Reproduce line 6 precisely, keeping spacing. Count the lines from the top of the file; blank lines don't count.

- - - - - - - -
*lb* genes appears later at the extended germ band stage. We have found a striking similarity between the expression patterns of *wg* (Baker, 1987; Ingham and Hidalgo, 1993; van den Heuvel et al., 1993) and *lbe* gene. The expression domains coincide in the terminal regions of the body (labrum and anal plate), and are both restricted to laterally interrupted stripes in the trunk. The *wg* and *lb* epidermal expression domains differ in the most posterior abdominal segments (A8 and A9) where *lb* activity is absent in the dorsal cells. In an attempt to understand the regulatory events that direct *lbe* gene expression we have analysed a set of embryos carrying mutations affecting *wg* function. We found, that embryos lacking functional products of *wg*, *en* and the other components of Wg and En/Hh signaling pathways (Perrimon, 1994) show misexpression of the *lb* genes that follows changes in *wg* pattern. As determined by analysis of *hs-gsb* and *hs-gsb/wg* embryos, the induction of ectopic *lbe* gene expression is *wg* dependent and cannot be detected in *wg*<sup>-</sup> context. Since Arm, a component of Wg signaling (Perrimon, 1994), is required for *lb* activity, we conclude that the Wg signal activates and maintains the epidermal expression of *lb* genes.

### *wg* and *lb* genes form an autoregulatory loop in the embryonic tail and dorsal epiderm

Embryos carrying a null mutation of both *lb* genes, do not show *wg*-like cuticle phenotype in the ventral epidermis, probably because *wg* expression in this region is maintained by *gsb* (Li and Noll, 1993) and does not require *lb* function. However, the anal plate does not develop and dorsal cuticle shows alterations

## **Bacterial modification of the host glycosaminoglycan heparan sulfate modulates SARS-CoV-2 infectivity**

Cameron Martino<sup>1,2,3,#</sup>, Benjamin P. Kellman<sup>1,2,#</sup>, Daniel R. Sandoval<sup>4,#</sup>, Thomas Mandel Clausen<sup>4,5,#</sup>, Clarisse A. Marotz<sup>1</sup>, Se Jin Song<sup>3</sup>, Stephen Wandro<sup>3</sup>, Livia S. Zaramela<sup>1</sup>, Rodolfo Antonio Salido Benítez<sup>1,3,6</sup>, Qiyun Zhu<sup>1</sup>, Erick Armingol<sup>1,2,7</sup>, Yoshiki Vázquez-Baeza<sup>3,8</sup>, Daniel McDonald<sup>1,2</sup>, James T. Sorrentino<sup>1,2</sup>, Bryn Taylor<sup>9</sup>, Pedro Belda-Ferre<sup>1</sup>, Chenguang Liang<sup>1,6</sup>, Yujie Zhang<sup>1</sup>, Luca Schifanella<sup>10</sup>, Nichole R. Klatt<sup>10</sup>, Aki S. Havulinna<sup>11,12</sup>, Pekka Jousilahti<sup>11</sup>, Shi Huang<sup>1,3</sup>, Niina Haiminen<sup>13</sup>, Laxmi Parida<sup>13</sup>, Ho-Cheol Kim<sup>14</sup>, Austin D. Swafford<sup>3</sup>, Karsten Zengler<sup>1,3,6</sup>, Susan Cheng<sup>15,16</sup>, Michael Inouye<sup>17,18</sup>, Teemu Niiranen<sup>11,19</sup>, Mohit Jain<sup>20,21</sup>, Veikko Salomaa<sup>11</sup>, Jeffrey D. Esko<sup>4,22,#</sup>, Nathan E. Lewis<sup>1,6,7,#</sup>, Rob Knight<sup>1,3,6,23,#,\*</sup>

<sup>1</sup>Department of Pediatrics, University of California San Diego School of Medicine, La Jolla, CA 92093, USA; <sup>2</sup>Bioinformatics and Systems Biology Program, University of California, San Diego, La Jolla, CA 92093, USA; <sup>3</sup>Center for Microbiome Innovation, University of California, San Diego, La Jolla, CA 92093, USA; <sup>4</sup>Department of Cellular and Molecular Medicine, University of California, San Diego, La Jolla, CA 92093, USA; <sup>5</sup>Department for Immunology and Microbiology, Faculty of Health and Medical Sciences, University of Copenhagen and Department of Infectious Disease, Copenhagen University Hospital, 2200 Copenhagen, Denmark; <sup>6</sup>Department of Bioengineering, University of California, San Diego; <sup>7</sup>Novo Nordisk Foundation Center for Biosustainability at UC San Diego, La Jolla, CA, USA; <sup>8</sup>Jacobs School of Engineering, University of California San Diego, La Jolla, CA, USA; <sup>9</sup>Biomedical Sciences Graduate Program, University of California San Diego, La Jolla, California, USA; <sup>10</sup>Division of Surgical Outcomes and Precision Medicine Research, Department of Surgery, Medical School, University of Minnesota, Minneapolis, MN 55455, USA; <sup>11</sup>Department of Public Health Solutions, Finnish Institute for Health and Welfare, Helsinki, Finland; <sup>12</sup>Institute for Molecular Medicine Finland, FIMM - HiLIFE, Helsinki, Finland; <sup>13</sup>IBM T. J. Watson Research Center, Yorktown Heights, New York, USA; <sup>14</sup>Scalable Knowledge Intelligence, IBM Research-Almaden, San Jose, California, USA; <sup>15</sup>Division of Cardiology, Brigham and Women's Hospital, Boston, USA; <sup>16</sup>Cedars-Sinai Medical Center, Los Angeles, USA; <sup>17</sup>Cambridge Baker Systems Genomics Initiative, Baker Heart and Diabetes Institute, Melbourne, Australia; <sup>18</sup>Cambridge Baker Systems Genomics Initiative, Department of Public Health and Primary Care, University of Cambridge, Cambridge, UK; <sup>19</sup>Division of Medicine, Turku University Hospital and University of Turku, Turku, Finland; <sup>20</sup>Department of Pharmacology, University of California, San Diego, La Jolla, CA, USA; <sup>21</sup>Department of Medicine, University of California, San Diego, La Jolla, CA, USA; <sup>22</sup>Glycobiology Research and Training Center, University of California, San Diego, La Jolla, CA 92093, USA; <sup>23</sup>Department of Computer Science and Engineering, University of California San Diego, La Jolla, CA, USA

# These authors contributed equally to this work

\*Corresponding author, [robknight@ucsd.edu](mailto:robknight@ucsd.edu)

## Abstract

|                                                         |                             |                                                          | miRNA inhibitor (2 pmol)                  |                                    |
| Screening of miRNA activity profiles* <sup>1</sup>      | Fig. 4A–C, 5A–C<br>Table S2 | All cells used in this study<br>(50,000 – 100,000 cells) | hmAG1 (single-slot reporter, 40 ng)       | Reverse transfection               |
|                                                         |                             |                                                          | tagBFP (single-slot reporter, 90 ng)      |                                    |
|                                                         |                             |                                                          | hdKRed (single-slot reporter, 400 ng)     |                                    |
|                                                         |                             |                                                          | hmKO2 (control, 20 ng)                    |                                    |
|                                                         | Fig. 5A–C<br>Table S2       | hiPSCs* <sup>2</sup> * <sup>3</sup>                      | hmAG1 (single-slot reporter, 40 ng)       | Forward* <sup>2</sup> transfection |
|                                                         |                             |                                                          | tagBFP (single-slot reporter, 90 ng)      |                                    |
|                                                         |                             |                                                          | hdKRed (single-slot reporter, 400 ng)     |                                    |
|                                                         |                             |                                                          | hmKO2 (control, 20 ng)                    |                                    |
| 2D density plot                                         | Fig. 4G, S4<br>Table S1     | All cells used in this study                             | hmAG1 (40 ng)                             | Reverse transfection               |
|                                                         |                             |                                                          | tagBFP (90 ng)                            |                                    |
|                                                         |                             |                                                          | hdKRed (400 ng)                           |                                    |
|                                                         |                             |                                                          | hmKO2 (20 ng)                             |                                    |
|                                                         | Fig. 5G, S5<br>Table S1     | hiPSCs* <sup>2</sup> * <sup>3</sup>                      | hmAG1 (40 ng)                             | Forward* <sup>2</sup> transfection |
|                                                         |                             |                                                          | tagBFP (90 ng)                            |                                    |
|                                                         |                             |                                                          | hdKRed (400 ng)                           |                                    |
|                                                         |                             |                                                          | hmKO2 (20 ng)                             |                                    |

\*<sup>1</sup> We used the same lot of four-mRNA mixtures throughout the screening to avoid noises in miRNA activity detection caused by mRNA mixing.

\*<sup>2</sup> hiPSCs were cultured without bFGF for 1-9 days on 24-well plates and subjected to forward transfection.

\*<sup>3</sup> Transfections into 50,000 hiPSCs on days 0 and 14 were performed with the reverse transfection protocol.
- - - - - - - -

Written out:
<sup>1</sup>Department of Pediatrics, University of California San Diego School of Medicine, La Jolla, CA 92093, USA; <sup>2</sup>Bioinformatics and Systems Biology Program, University of California, San Diego, La Jolla, CA 92093, USA; <sup>3</sup>Center for Microbiome Innovation, University of California, San Diego, La Jolla, CA 92093, USA; <sup>4</sup>Department of Cellular and Molecular Medicine, University of California, San Diego, La Jolla, CA 92093, USA; <sup>5</sup>Department for Immunology and Microbiology, Faculty of Health and Medical Sciences, University of Copenhagen and Department of Infectious Disease, Copenhagen University Hospital, 2200 Copenhagen, Denmark; <sup>6</sup>Department of Bioengineering, University of California, San Diego; <sup>7</sup>Novo Nordisk Foundation Center for Biosustainability at UC San Diego, La Jolla, CA, USA; <sup>8</sup>Jacobs School of Engineering, University of California San Diego, La Jolla, CA, USA; <sup>9</sup>Biomedical Sciences Graduate Program, University of California San Diego, La Jolla, California, USA; <sup>10</sup>Division of Surgical Outcomes and Precision Medicine Research, Department of Surgery, Medical School, University of Minnesota, Minneapolis, MN 55455, USA; <sup>11</sup>Department of Public Health Solutions, Finnish Institute for Health and Welfare, Helsinki, Finland; <sup>12</sup>Institute for Molecular Medicine Finland, FIMM - HiLIFE, Helsinki, Finland; <sup>13</sup>IBM T. J. Watson Research Center, Yorktown Heights, New York, USA; <sup>14</sup>Scalable Knowledge Intelligence, IBM Research-Almaden, San Jose, California, USA; <sup>15</sup>Division of Cardiology, Brigham and Women's Hospital, Boston, USA; <sup>16</sup>Cedars-Sinai Medical Center, Los Angeles, USA; <sup>17</sup>Cambridge Baker Systems Genomics Initiative, Baker Heart and Diabetes Institute, Melbourne, Australia; <sup>18</sup>Cambridge Baker Systems Genomics Initiative, Department of Public Health and Primary Care, University of Cambridge, Cambridge, UK; <sup>19</sup>Division of Medicine, Turku University Hospital and University of Turku, Turku, Finland; <sup>20</sup>Department of Pharmacology, University of California, San Diego, La Jolla, CA, USA; <sup>21</sup>Department of Medicine, University of California, San Diego, La Jolla, CA, USA; <sup>22</sup>Glycobiology Research and Training Center, University of California, San Diego, La Jolla, CA 92093, USA; <sup>23</sup>Department of Computer Science and Engineering, University of California San Diego, La Jolla, CA, USA